Maelys was last seen at a wedding reception in a community center in the village of Pont-de-Beauvoisin, near Grenoble.
Detectives spoke to 200 wedding guests and began to focus their enquiries on suspect Nordahl Lelandais, after they noticed scratches on his arm and knee. Police, led by an examining magistrate, reportedly became suspicious when they heard he had washed the car shortly after the wedding and had put it up for sale.
The police carried out a forensic search of Lelandais's car which revealed the missing girl's DNA on the dashboard. Lelandais's lawyer, Bernard Meraud, said his client had accepted the girl got into his car but denied he had taken her or killed her.
"He declared that the little girl got into the vehicle with a little boy, on the back seat, to see if his dog was in the trunk," said Mr. Meraud.
Police sniffer dogs followed the girl's scent but reportedly lost it in the car park, suggesting Maelys was taken away from the venue in a car.
'Needle in a Haystack'
Now police and volunteers are conducting a painstaking search of fields and ditches in the vicinity of of Pont-de-Beauvoisin.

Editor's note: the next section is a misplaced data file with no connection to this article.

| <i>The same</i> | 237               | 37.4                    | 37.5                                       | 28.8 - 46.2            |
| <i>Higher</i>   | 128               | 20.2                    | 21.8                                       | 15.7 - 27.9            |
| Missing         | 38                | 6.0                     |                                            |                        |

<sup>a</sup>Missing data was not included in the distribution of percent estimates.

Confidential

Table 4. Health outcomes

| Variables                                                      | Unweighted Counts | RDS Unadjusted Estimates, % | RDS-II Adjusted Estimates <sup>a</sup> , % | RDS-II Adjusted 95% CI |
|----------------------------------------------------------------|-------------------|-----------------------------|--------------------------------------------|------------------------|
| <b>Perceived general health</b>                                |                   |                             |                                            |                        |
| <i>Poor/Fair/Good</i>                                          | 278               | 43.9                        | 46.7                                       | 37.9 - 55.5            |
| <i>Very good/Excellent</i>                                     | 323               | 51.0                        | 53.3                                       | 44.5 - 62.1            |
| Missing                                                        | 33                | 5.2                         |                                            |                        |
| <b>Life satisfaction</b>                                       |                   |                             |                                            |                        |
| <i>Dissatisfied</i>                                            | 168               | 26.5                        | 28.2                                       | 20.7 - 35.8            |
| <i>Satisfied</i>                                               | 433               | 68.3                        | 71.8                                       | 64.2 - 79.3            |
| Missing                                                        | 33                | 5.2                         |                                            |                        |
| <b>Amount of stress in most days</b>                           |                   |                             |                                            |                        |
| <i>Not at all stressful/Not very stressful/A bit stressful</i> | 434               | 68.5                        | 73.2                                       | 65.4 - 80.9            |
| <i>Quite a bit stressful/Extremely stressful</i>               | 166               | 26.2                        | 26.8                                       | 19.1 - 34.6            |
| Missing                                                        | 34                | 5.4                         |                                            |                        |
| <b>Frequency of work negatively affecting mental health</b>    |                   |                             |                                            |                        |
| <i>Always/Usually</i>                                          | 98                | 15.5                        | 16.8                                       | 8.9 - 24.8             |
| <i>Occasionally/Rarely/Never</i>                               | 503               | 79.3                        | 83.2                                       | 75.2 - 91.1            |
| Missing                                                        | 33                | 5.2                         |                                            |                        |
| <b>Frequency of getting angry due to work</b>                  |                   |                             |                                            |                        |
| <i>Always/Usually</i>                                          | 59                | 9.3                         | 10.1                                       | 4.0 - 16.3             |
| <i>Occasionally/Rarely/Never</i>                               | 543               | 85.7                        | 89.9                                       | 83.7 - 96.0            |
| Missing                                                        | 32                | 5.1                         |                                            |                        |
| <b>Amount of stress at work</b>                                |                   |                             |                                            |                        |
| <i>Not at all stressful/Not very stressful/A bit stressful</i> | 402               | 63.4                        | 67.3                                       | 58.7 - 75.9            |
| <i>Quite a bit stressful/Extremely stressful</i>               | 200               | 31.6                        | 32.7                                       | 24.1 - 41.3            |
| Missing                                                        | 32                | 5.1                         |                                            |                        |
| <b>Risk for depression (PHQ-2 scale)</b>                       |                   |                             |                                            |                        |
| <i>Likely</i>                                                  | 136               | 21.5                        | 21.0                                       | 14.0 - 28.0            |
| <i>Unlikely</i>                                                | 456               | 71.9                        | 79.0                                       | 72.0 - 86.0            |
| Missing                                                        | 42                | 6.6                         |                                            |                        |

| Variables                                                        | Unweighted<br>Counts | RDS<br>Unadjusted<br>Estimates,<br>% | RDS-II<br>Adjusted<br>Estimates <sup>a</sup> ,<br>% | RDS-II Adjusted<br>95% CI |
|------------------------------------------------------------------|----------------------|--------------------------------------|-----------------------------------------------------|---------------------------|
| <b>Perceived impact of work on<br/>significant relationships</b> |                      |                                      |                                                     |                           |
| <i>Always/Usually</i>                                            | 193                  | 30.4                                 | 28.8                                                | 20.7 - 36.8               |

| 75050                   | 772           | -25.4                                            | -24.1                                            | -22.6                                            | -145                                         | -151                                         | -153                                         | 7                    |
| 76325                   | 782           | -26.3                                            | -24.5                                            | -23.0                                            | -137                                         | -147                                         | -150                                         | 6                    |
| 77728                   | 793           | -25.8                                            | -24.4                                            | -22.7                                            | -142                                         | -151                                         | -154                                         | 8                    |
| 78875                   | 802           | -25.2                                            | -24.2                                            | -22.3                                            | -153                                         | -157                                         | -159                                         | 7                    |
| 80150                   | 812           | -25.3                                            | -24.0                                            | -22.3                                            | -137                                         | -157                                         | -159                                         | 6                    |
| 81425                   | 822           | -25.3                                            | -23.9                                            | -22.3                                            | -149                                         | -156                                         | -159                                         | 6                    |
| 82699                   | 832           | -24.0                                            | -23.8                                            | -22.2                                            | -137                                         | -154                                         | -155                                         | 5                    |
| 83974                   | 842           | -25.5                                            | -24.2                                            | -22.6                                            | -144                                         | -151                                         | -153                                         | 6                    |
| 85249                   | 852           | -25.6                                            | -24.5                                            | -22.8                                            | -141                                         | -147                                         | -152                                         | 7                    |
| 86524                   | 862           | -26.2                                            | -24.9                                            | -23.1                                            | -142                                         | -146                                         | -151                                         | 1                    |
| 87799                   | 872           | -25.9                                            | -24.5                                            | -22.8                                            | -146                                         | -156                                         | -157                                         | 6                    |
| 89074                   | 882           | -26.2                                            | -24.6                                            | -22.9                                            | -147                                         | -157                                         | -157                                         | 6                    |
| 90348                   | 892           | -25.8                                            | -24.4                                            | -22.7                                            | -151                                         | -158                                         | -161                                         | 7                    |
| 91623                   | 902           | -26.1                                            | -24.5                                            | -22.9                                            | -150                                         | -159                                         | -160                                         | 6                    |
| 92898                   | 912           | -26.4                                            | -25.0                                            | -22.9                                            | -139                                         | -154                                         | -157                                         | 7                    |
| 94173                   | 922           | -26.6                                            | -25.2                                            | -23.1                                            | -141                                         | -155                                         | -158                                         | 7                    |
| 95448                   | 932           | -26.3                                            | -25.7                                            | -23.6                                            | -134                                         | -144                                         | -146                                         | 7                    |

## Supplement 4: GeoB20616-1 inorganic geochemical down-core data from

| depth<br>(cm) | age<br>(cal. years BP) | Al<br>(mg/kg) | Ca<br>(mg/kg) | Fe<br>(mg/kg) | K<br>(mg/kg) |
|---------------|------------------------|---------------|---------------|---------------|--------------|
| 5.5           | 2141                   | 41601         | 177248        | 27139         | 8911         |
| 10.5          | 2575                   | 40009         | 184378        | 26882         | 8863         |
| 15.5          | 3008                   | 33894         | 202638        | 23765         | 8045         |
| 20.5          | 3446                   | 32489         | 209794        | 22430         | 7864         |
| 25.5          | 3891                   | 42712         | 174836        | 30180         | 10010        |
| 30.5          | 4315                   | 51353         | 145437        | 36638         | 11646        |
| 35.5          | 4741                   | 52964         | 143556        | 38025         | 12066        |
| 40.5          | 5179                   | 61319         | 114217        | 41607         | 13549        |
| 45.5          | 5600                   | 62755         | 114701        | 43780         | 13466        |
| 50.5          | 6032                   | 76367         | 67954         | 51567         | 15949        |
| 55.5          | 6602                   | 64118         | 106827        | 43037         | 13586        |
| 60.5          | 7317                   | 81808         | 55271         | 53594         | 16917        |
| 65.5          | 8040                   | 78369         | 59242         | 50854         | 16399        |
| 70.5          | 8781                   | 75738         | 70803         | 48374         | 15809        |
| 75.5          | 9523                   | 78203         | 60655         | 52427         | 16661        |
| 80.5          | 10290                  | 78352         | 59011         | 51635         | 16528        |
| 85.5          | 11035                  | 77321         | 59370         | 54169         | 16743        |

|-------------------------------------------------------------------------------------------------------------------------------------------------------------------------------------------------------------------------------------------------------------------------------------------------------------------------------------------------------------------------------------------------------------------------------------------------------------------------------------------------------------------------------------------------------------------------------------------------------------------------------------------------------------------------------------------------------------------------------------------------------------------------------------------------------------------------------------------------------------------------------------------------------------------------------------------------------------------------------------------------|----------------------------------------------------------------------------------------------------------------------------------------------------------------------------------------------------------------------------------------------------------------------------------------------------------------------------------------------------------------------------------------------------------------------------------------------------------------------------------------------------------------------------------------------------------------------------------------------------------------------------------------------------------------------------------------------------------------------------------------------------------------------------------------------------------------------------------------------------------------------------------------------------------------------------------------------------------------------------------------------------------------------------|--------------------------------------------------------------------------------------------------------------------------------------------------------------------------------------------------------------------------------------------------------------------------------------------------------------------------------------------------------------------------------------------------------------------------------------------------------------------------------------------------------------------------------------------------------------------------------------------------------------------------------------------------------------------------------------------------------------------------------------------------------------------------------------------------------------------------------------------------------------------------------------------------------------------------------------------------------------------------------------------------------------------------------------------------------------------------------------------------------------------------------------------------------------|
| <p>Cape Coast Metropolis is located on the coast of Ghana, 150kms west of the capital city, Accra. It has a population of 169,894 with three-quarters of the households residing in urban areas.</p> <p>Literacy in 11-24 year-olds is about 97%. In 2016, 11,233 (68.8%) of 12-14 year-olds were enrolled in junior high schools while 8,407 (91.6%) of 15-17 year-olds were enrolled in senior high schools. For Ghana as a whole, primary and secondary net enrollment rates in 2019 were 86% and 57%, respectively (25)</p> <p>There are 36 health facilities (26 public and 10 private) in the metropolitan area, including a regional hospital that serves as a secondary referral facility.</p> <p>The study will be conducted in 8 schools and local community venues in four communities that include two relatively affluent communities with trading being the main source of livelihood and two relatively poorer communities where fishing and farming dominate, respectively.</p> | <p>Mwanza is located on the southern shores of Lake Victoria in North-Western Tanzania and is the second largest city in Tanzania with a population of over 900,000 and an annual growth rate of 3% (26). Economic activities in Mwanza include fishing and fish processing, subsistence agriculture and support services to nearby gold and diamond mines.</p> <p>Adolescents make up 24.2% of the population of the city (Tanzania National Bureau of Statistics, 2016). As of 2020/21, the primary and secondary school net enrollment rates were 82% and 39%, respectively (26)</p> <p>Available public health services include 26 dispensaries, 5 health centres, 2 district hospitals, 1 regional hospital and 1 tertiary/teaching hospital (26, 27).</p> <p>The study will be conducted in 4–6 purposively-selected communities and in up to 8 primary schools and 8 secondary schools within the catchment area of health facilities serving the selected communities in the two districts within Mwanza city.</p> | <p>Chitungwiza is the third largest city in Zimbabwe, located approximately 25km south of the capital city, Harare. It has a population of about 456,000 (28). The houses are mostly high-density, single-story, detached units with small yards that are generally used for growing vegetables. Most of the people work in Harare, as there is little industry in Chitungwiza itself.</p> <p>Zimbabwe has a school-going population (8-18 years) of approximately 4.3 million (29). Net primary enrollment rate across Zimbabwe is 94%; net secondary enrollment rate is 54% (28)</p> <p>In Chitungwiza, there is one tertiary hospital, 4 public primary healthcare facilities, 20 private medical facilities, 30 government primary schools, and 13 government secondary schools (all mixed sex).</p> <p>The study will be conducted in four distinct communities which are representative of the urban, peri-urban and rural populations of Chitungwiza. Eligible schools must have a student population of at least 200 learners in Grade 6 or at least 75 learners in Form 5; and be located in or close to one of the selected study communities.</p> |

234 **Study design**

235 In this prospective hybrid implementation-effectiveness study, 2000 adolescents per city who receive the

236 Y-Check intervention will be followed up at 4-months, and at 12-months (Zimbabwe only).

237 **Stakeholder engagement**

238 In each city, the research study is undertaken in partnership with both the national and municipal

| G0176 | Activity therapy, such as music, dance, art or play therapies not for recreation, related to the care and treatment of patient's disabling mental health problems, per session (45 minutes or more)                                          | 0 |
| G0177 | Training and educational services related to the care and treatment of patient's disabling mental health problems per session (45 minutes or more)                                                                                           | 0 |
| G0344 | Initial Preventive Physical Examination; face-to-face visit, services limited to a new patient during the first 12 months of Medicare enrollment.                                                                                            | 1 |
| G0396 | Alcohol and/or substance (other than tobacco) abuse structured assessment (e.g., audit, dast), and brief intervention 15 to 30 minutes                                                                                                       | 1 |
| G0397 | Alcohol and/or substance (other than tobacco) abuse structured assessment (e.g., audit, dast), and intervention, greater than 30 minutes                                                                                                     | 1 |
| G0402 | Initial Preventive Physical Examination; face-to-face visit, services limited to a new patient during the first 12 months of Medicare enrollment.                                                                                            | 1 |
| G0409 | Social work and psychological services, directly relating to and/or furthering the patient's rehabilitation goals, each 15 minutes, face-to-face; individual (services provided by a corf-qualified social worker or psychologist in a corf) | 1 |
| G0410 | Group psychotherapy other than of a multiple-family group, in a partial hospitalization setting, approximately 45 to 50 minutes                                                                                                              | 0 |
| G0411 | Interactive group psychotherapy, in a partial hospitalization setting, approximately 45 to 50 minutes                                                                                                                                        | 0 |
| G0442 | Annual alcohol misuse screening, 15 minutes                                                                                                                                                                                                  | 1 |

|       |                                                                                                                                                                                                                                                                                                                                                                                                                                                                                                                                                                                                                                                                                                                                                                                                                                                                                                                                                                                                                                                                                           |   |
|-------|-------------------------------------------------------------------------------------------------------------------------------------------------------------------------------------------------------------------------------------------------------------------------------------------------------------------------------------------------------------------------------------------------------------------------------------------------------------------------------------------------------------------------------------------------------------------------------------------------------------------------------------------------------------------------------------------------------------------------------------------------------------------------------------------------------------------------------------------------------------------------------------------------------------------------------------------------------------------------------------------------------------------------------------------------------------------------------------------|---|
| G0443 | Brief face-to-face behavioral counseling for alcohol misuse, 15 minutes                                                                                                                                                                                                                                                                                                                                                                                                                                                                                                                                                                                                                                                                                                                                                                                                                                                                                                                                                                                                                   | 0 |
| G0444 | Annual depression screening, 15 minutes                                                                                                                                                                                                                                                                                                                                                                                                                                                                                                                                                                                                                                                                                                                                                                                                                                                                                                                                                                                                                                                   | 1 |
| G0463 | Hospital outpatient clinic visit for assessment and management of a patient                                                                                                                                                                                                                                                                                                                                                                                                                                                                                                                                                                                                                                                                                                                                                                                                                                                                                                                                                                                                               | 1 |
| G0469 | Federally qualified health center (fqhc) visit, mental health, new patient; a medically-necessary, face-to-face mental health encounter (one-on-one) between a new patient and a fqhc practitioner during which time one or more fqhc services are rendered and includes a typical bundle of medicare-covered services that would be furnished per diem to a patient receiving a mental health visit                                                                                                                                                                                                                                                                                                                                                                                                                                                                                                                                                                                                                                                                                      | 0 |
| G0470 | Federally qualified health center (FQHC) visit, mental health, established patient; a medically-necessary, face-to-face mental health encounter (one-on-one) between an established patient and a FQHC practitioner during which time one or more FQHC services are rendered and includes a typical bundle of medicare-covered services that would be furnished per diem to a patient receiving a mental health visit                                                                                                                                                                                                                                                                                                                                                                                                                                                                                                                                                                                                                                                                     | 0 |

"It is like looking for a needle in a haystack, extremely tedious work but very important," said police chief Yves Marzin.
Mr. Lelandais has been charged with kidnapping, illegal confinement or arbitrary detention of a minor of less than 15 years old. His mother has insisted her son, who worked as a handyman, was innocent.
"I've not raised a monster, he's never been a monster," she told RTL radio.
Under the French criminal justice system serious investigations, like murder or kidnapping, are led by an examining magistrate or judge, who interrogates suspects and orders searches. His or her role is not to prosecute the accused but to gather the facts.
The inquisitorial system, which dates back to the 1804 Napoleonic code, is very different to the adversarial system used in Britain, the United States and many other countries.